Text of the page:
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Internal Combustion Engine
A car engine is an internal combustion gasoline engine, which works on a four-stroke system: intake, compression, power, and exhaust. These four strokes are driven by the pistons, which slide up and down inside each of the four, six, eight, or twelve cylinders, depending on engine size. Each cylinder has its own intake valve, exhaust valve, spark plug, and piston. Fuel comes in from the gas tank through the fuel system, where it mixes with air and is atomised. This air/fuel mixture is what feeds into the cylinders and drives them.
The intake stroke begins when the intake valve of a cylinder opens, letting the air/fuel mixture inside. The piston slides downward inside the cylinder. This downward motion creates a large vacuum, which helps suck in the air/fuel mixture. (See diagram.)
Both valves are closed for the compression stroke. The piston moves upwards, compressing the air/fuel mixture up towards the spark plug. This compression makes the fuel more volatile for easier ignition.
Both valves remain closed for the power stroke. The spark plug fires, igniting the air/fuel mixture. The resulting explosion dramatically forces the piston downward.
The exhaust stroke begins when the exhaust valve opens. The piston is moving upwards again, forcing the remaining byproducts of the burnt air/fuel mixture out to the exhaust system.
Pistons and Crankshaft
The cylinder pistons are attached by the piston pin and connecting rod to the crankshaft. The crankshaft is not straight, but has high and low areas that help drive alternating pistons up and down. When the power stroke forces two of the pistons in a four cylinder engine down, it pushes on the crankshaft, which turns and simultaneously pushes up on the other two cylinders' pistons. The system is in constant motion, half the pistons sliding up while the other half are being driven down.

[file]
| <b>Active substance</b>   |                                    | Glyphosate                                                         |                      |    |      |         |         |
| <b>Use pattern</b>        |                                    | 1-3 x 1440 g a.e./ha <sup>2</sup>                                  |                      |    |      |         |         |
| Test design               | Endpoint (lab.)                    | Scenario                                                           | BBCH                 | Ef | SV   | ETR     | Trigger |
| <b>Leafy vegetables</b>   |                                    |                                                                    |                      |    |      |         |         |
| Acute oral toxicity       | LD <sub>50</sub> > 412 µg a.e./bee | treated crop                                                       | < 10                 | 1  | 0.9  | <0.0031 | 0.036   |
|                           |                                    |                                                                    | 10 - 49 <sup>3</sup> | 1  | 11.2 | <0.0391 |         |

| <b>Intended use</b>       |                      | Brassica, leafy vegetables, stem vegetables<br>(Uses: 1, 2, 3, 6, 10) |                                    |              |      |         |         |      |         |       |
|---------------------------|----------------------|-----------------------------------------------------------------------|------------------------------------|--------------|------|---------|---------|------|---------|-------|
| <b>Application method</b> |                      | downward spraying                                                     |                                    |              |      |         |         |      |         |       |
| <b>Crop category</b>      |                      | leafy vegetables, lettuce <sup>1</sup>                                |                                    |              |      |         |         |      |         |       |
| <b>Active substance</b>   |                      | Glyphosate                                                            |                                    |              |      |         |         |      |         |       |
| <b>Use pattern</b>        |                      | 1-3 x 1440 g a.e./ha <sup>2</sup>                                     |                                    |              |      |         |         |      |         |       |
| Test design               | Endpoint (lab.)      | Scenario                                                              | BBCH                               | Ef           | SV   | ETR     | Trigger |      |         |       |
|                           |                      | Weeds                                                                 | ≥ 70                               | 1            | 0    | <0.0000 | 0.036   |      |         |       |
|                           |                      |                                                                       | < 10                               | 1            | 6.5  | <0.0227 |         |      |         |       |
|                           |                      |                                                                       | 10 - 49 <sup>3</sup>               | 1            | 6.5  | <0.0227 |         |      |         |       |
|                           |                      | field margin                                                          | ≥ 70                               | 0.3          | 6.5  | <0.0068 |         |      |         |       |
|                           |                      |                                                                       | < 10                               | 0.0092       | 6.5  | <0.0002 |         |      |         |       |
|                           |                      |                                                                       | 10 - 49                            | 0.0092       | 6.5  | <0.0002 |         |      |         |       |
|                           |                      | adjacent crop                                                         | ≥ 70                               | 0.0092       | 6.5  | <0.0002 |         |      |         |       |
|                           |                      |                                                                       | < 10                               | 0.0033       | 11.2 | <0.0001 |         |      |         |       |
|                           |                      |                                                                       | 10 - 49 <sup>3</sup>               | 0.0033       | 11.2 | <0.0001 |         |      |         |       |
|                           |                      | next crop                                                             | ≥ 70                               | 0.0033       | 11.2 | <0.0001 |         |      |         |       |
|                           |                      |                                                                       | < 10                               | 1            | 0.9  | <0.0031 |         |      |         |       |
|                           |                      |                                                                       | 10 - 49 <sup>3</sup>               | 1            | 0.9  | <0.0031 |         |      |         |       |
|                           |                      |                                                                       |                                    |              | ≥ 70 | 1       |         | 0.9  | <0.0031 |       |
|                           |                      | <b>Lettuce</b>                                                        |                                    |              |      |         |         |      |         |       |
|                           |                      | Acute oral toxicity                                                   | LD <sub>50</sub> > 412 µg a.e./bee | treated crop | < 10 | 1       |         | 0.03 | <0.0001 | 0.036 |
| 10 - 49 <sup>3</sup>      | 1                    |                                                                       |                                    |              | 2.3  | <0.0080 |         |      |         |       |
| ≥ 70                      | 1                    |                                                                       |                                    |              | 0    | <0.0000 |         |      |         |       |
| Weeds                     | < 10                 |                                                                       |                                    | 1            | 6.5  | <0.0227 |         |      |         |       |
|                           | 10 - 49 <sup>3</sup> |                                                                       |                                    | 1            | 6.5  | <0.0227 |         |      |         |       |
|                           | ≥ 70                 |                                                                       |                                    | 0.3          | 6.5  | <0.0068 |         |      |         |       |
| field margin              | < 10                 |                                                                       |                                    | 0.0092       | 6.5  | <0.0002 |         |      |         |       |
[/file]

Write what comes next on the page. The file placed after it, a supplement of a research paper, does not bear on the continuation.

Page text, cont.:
Camshaft and Distributor
The intake and exhaust valves are driven similarly by the camshaft. This camshaft is also connected by interlocking gears to the distributor. The spark plugs are attached to the distributor with plug wires. When the cam shaft turns, opening and closing the cylinder valves, it also activates the distributor, which powers the spark plugs at the right point in the cycle.
The crankshaft and camshaft are connected at the front of the engine by the timing chain. This timing chain must be properly aligned in order for the system to work in continuous harmony, with perfect timing.
The flywheel is bolted to the back of the crankshaft. When you turn the key in the ignition, the starter engages the gear on the flywheel. This starts the whole motion of the engine. Once the cylinders ignite, however, the engine continuously drives itself with the four-stroke system.
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